Informative, funny, depressing. This book is all these things and more. Personally I’m a big fan of biographies and comedians, and one of those comedians happens to be Artie Lange, so it’s no surprise I enjoyed this book a lot. It’s pretty much a biography; it starts off with Artie as a little kid and goes all the way to the end of making ‘Beer League’. It has its ups and it’s very low downs. It gives a lot of insight on movies, TV, and unfortunately drugs. Like I said before I like Artie Lange but it’s amazing that he’s still around with all the falls that he takes in here. There are some really great things in the book, the stories he tells about going to World Series games with his father, and the stuff during the making of dirty work had me laughing pretty hard. Unfortunately the swing goes the other way too and you hear really in depth about Artie’s drug problems from a cocaine problem to pain killers to heroin, it’s pretty fucking scary. If there’s any positive thing about that side of the story it’s that maybe it’ll keep some kid off that shit, it seems like a life destroyer, and fast. I dug this so much I’ve got both the hard copy of the book and the audio book. The book is about 320 pages, the audio book I think came in around seven hours, both are very enjoyable. Though much like the story it tells the audio book has some down sides. A few chapters in Artie comes in and announces he won’t be finishing it because of heroin withdraw and that some friends will take over the rest of the reading. The chapters with Artie are by far the best, I don’t think anything really compares the author reading the book but the guys that filled in did a pretty good job for the most part. Fans of comedy, biographies or just good stories should be checking out Too Fat To Fish.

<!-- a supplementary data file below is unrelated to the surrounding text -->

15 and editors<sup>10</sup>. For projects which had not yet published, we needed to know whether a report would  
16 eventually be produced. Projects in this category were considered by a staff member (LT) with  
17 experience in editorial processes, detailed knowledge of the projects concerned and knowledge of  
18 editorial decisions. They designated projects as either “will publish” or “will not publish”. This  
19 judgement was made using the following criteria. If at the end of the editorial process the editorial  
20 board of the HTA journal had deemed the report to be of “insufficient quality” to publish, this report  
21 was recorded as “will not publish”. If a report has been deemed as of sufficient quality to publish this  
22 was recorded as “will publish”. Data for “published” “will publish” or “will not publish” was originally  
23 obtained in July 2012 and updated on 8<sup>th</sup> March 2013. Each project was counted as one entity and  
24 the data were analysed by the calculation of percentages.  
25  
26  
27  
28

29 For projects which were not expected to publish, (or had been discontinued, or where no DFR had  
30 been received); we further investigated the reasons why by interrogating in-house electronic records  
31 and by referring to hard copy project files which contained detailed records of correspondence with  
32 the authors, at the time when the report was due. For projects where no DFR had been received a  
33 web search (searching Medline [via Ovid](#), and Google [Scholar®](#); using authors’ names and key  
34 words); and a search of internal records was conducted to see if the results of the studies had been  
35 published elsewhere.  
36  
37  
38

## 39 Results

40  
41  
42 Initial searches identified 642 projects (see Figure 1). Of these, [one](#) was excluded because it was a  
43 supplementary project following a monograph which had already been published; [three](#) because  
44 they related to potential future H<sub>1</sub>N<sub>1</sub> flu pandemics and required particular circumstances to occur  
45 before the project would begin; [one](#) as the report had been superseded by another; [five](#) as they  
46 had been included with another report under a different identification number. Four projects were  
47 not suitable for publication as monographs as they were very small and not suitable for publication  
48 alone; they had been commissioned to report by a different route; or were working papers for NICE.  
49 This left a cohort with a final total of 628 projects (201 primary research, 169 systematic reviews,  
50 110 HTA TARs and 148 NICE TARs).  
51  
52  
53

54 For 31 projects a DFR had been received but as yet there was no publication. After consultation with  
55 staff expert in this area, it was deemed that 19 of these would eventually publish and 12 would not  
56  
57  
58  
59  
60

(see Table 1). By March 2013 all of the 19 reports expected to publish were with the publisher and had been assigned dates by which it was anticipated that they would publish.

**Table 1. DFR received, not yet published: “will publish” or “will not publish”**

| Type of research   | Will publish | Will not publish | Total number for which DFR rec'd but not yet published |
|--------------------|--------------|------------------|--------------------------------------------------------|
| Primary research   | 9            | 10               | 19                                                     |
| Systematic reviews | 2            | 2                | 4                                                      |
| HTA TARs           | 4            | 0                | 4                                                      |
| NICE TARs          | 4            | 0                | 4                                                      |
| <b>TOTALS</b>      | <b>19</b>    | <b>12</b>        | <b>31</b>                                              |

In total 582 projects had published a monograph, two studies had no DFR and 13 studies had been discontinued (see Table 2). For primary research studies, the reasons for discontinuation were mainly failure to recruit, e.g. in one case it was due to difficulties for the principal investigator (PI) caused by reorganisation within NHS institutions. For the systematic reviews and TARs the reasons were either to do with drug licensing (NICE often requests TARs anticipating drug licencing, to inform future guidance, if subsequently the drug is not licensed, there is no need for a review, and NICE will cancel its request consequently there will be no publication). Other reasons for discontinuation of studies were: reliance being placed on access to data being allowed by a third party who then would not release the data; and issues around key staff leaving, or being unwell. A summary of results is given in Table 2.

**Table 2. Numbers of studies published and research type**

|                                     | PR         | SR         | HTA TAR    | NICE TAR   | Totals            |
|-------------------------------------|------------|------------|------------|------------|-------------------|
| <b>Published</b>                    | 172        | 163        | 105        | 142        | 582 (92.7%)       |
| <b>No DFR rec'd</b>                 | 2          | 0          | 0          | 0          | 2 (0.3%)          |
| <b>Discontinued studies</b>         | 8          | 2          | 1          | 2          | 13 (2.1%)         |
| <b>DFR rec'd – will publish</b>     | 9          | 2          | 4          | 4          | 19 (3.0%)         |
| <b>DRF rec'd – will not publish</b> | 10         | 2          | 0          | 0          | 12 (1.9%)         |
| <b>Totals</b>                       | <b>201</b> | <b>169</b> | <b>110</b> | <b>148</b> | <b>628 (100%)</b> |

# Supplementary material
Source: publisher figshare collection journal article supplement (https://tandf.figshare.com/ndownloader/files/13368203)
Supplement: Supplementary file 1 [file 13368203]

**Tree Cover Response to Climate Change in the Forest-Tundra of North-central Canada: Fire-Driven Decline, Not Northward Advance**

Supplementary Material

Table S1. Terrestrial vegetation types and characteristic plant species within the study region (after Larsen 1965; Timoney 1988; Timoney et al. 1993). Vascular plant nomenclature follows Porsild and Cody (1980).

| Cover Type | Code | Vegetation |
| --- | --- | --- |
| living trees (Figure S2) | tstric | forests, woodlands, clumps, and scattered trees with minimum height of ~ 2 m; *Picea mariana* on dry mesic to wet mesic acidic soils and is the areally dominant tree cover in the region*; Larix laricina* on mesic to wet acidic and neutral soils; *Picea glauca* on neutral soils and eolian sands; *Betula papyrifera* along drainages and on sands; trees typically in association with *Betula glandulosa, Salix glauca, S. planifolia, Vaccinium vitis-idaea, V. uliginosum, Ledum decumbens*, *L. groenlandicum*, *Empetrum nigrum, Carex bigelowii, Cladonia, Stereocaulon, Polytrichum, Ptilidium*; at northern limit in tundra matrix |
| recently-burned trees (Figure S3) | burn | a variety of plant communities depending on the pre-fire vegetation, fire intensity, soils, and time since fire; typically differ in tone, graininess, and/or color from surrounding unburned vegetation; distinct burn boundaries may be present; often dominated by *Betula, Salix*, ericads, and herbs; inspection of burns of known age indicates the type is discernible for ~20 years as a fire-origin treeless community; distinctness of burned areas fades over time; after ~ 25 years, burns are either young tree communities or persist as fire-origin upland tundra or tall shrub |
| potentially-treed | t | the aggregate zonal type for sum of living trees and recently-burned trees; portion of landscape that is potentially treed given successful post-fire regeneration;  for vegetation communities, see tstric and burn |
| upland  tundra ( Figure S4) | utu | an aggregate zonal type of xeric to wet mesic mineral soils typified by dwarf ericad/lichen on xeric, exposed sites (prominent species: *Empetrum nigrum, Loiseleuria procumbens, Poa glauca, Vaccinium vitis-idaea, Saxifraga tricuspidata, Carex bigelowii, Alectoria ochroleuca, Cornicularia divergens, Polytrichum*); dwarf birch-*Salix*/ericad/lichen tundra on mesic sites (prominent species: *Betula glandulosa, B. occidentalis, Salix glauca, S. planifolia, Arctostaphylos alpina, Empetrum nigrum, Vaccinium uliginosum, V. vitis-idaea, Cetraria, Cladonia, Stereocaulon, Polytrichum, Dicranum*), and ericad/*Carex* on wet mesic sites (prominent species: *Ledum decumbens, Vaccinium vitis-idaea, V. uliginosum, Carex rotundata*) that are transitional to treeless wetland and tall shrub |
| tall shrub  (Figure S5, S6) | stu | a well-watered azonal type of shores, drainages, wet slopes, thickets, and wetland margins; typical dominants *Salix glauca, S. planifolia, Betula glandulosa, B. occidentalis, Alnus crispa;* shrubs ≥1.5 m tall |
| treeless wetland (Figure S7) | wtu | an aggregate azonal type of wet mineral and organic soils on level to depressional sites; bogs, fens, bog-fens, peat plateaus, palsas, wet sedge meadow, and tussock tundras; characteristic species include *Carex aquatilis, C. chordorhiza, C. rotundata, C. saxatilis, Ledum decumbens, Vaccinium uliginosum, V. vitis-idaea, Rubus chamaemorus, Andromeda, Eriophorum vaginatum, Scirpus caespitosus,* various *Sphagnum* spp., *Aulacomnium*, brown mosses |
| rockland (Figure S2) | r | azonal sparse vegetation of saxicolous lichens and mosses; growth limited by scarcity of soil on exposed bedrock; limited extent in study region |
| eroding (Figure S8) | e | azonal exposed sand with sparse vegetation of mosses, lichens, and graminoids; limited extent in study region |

You may know him as Mr. Wick from the Drew Carey Show, you may know him as the host of the Late Late Show, and if you’re really hip you may know his standup, some bands he’s been in or various other roles. The man in question is Craig Ferguson, and he’s here with a biography which will lead you from his home in Scotland to a late night talk show host. Personally I’m a big fan of biography books but it’s been a while since I’ve read a good one, American On Purpose really fills that void. It’s a great book and it doesn’t matter if you’re a fan of the man or if you’re not entirely sure who he is. A good biography book will suck you in and make you not want to put it down, a better one will make you feel like you know the person after you’re done reading it, this does both of them plus makes me want to hang out with Craig, because he really seems like an awesome guy. This covers everything from him growing up in Scotland, his fascination with America, his various marriages, and various jobs including a bouncer, a construction worker, a drummer and of course, and actor. Going into the book I didn’t know a lot about the man, I basically knew him as the guy that was on The Drew Carey show and the dude that hosts the Late Late show, but this book does an amazing job of fleshing out everything. I was surprised to find out he was into punk, the book has about a chapter devoted to that, and it was awesome. I was also unaware he was an alcoholic; a large portion of the book covers this. I really cannot recommend this book enough, I thoroughly enjoyed this. I really can’t think of anyone that I wouldn’t recommend this too; it may be the best book I’ve read all year. Clocking in at 268 pages so it’s enough to be a good read without overwhelming you.